Mercoledì 12 marzo 2014 ore 15.45
Aula 303 – Viale Romania, 32
Professor of Geography at the University of California, Los Angeles.
RISK ASSESSMENT: WHAT WE CAN LEARN FROM TRADITIONAL SOCIETIES
We citizens of the U.S., Italy, and other modern industrial societies don’t think clearly about dangers.
We tend to overestimate the importance of actually insignificant dangers (such as plane crashes and terrorists), and we tend to overlook what are actually the most important dangers (such as slippery shower floors and home electric appliances).
Attitudes of traditional people towards danger may help us focus on the real dangers in our lives.
Prof. Jared Diamond
Jared Diamond began his scientific career in physiology and expanded into evolutionary biology and biogeography.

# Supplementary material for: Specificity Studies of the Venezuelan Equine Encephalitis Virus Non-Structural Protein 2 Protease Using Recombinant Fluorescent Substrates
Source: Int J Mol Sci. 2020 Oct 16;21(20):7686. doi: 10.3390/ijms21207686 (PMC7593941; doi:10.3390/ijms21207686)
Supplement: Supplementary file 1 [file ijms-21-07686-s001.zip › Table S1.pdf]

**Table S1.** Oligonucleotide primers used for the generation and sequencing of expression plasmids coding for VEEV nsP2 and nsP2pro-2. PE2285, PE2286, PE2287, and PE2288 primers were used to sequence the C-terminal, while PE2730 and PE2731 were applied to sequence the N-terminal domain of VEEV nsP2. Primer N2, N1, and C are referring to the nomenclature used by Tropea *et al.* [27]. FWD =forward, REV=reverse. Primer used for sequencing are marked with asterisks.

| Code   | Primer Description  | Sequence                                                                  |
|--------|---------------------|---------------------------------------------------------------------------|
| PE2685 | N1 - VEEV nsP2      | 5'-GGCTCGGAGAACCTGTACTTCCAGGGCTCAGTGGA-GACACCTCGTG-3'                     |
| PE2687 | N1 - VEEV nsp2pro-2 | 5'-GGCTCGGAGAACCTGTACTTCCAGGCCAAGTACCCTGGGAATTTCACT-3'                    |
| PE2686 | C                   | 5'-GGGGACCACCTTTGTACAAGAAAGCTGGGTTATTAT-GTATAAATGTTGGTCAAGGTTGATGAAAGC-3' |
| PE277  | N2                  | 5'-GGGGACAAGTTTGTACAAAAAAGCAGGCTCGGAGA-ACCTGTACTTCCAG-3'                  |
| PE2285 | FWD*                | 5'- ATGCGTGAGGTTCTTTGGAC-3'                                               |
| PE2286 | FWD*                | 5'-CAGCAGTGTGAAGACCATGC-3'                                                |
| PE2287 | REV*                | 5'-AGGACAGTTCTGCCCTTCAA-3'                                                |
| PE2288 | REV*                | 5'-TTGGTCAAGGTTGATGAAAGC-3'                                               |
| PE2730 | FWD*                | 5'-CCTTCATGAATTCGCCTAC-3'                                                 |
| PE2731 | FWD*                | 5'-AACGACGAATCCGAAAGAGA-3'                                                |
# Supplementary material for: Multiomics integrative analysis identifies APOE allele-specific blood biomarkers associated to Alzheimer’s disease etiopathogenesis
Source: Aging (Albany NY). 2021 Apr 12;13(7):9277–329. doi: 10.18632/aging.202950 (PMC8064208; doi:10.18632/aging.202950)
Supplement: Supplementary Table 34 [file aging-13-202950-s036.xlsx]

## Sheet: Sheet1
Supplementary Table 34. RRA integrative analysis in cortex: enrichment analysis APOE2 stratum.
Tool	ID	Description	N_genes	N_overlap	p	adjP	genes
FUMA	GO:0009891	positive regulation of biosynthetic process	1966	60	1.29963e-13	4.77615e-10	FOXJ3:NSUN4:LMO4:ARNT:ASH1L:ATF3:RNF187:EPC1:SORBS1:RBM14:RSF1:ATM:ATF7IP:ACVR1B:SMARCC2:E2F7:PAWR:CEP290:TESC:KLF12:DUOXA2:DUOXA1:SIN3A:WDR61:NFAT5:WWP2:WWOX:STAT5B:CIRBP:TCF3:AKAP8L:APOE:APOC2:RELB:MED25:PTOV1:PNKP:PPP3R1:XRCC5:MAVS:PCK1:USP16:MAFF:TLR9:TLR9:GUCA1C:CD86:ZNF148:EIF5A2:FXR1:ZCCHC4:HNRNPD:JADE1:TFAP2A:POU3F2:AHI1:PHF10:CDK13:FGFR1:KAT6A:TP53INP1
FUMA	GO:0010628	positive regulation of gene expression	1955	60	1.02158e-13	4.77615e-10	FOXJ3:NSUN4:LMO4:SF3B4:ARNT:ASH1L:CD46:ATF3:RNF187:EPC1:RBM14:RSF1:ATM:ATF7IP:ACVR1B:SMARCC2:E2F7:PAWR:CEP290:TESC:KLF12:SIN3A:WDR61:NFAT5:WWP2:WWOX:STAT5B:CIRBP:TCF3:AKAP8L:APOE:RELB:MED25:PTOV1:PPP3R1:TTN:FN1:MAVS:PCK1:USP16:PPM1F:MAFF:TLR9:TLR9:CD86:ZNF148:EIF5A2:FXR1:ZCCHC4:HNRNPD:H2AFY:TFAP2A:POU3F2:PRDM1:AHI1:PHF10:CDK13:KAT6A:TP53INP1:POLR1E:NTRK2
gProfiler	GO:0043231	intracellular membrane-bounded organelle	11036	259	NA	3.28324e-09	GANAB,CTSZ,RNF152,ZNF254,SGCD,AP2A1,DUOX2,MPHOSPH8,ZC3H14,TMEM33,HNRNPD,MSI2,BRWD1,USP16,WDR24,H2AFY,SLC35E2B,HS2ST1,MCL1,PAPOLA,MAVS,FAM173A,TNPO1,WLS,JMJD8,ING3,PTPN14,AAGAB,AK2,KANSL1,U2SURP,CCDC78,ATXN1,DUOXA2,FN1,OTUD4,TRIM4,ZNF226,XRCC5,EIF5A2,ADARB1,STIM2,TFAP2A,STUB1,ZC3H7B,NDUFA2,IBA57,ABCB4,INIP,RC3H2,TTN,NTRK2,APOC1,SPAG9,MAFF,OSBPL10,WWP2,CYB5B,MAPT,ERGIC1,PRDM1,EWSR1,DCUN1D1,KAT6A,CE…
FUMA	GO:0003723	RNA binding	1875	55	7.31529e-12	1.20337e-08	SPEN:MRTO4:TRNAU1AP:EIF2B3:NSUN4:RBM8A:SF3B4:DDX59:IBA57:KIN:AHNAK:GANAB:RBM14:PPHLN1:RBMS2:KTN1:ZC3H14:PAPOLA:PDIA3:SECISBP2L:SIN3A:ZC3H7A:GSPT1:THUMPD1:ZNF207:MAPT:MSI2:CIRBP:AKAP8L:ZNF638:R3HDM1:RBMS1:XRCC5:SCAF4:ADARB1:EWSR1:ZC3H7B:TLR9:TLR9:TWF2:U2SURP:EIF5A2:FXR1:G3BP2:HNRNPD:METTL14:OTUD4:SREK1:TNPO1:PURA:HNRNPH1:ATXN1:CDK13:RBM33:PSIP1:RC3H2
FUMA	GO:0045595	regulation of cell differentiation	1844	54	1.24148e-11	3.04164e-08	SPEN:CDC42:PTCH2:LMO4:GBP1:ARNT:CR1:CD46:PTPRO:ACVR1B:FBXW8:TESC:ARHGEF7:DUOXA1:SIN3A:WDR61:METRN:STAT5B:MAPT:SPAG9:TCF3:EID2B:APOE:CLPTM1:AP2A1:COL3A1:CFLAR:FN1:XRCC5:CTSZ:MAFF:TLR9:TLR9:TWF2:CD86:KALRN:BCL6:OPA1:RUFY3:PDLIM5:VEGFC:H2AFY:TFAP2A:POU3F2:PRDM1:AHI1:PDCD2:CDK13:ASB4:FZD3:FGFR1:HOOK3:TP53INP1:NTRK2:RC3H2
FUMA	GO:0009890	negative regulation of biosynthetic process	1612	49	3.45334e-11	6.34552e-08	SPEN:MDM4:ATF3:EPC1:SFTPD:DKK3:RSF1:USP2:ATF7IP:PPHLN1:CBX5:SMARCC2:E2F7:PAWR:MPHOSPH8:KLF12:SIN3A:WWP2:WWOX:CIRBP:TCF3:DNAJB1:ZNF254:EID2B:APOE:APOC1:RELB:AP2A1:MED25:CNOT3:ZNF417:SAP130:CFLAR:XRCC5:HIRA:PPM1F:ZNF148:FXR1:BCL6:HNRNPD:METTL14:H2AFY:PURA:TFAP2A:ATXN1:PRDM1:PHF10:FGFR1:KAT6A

He has been elected to the National Academy of Sciences, the American Academy of Arts and Sciences, and the American Philosophical society.
Among his many awards are the National Medal of Science, the Tyler Prize for Environmental Achievement, Japan’s Cosmo Prize, a MacArthur Foundation Fellowship, and the Lewis Thomas Prize Honoring the Scientist as Poet, presented by Rockefeller University.
He has published more than six hundred articles and his book, Guns, Germs, and Steel, was awarded the Pulitzer Prize.